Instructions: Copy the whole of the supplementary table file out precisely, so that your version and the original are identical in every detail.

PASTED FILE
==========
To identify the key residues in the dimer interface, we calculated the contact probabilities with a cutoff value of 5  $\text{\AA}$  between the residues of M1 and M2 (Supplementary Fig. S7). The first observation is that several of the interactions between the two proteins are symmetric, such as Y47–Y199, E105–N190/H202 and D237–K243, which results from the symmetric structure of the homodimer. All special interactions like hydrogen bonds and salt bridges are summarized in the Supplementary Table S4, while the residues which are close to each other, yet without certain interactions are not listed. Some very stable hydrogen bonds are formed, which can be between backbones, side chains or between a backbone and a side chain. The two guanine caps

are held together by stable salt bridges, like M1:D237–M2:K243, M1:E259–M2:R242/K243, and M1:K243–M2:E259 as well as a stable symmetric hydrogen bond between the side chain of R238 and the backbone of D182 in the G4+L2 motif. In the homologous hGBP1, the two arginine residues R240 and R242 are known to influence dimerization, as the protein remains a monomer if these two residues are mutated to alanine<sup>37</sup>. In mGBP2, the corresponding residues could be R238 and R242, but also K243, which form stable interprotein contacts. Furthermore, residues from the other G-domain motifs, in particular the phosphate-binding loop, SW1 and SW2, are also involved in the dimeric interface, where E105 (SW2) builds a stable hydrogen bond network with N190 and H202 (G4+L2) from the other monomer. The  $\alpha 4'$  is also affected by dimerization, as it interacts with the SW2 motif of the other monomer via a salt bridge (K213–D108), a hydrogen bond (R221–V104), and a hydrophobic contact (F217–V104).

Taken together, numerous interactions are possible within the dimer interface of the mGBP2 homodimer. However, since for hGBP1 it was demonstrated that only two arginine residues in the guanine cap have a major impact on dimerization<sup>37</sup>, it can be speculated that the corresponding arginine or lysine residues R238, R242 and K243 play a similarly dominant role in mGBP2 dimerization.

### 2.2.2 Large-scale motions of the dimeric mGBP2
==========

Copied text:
To identify the key residues in the dimer interface, we calculated the contact probabilities with a cutoff value of 5  $\text{\AA}$  between the residues of M1 and M2 (Supplementary Fig. S7). The first observation is that several of the interactions between the two proteins are symmetric, such as Y47–Y199, E105–N190/H202 and D237–K243, which results from the symmetric structure of the homodimer. All special interactions like hydrogen bonds and salt bridges are summarized in the Supplementary Table S4, while the residues which are close to each other, yet without certain interactions are not listed. Some very stable hydrogen bonds are formed, which can be between backbones, side chains or between a backbone and a side chain. The two guanine caps

are held together by stable salt bridges, like M1:D237–M2:K243, M1:E259–M2:R242/K243, and M1:K243–M2:E259 as well as a stable symmetric hydrogen bond between the side chain of R238 and the backbone of D182 in the G4+L2 motif. In the homologous hGBP1, the two arginine residues R240 and R242 are known to influence dimerization, as the protein remains a monomer if these two residues are mutated to alanine<sup>37</sup>. In mGBP2, the corresponding residues could be R238 and R242, but also K243, which form stable interprotein contacts. Furthermore, residues from the other G-domain motifs, in particular the phosphate-binding loop, SW1 and SW2, are also involved in the dimeric interface, where E105 (SW2) builds a stable hydrogen bond network with N190 and H202 (G4+L2) from the other monomer. The  $\alpha 4'$  is also affected by dimerization, as it interacts with the SW2 motif of the other monomer via a salt bridge (K213–D108), a hydrogen bond (R221–V104), and a hydrophobic contact (F217–V104).

Taken together, numerous interactions are possible within the dimer interface of the mGBP2 homodimer. However, since for hGBP1 it was demonstrated that only two arginine residues in the guanine cap have a major impact on dimerization<sup>37</sup>, it can be speculated that the corresponding arginine or lysine residues R238, R242 and K243 play a similarly dominant role in mGBP2 dimerization.

### 2.2.2 Large-scale motions of the dimeric mGBP2